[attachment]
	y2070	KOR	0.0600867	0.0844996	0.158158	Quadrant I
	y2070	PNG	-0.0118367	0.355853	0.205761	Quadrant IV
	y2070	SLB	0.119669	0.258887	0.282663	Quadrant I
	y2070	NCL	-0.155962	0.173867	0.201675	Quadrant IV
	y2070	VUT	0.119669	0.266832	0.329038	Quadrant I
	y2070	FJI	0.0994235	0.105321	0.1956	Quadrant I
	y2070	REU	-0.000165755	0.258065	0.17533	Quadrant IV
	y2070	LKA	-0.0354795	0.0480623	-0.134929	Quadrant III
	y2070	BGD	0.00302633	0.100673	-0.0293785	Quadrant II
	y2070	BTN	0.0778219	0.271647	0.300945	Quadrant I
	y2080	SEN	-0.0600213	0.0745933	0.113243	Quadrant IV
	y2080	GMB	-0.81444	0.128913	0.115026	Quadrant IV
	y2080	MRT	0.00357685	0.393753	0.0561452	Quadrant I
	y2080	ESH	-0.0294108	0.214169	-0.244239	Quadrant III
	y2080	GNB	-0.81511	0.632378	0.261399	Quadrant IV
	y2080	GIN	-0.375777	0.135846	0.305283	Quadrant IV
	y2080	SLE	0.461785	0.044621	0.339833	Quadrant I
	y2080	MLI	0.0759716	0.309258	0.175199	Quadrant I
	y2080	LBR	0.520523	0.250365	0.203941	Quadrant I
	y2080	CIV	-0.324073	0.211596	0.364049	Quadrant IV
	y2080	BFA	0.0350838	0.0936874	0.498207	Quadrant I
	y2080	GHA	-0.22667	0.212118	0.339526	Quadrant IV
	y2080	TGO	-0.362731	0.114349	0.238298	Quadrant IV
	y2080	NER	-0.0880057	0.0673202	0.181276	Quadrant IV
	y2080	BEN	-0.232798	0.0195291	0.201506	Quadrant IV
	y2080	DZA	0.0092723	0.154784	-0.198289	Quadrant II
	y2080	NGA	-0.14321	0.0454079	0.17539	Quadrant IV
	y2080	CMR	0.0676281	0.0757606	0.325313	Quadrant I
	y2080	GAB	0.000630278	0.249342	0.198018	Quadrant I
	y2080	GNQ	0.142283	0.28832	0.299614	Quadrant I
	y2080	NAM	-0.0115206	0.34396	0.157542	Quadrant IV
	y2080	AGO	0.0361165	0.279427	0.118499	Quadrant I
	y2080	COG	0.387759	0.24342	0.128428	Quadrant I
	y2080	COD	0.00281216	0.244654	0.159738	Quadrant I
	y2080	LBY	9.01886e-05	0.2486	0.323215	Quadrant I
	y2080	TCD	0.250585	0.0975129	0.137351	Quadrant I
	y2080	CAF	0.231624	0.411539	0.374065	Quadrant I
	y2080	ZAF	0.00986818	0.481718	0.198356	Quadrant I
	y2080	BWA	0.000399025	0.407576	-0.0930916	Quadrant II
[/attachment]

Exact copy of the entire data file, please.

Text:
	y2070	KOR	0.0600867	0.0844996	0.158158	Quadrant I
	y2070	PNG	-0.0118367	0.355853	0.205761	Quadrant IV
	y2070	SLB	0.119669	0.258887	0.282663	Quadrant I
	y2070	NCL	-0.155962	0.173867	0.201675	Quadrant IV
	y2070	VUT	0.119669	0.266832	0.329038	Quadrant I
	y2070	FJI	0.0994235	0.105321	0.1956	Quadrant I
	y2070	REU	-0.000165755	0.258065	0.17533	Quadrant IV
	y2070	LKA	-0.0354795	0.0480623	-0.134929	Quadrant III
	y2070	BGD	0.00302633	0.100673	-0.0293785	Quadrant II
	y2070	BTN	0.0778219	0.271647	0.300945	Quadrant I
	y2080	SEN	-0.0600213	0.0745933	0.113243	Quadrant IV
	y2080	GMB	-0.81444	0.128913	0.115026	Quadrant IV
	y2080	MRT	0.00357685	0.393753	0.0561452	Quadrant I
	y2080	ESH	-0.0294108	0.214169	-0.244239	Quadrant III
	y2080	GNB	-0.81511	0.632378	0.261399	Quadrant IV
	y2080	GIN	-0.375777	0.135846	0.305283	Quadrant IV
	y2080	SLE	0.461785	0.044621	0.339833	Quadrant I
	y2080	MLI	0.0759716	0.309258	0.175199	Quadrant I
	y2080	LBR	0.520523	0.250365	0.203941	Quadrant I
	y2080	CIV	-0.324073	0.211596	0.364049	Quadrant IV
	y2080	BFA	0.0350838	0.0936874	0.498207	Quadrant I
	y2080	GHA	-0.22667	0.212118	0.339526	Quadrant IV
	y2080	TGO	-0.362731	0.114349	0.238298	Quadrant IV
	y2080	NER	-0.0880057	0.0673202	0.181276	Quadrant IV
	y2080	BEN	-0.232798	0.0195291	0.201506	Quadrant IV
	y2080	DZA	0.0092723	0.154784	-0.198289	Quadrant II
	y2080	NGA	-0.14321	0.0454079	0.17539	Quadrant IV
	y2080	CMR	0.0676281	0.0757606	0.325313	Quadrant I
	y2080	GAB	0.000630278	0.249342	0.198018	Quadrant I
	y2080	GNQ	0.142283	0.28832	0.299614	Quadrant I
	y2080	NAM	-0.0115206	0.34396	0.157542	Quadrant IV
	y2080	AGO	0.0361165	0.279427	0.118499	Quadrant I
	y2080	COG	0.387759	0.24342	0.128428	Quadrant I
	y2080	COD	0.00281216	0.244654	0.159738	Quadrant I
	y2080	LBY	9.01886e-05	0.2486	0.323215	Quadrant I
	y2080	TCD	0.250585	0.0975129	0.137351	Quadrant I
	y2080	CAF	0.231624	0.411539	0.374065	Quadrant I
	y2080	ZAF	0.00986818	0.481718	0.198356	Quadrant I
	y2080	BWA	0.000399025	0.407576	-0.0930916	Quadrant II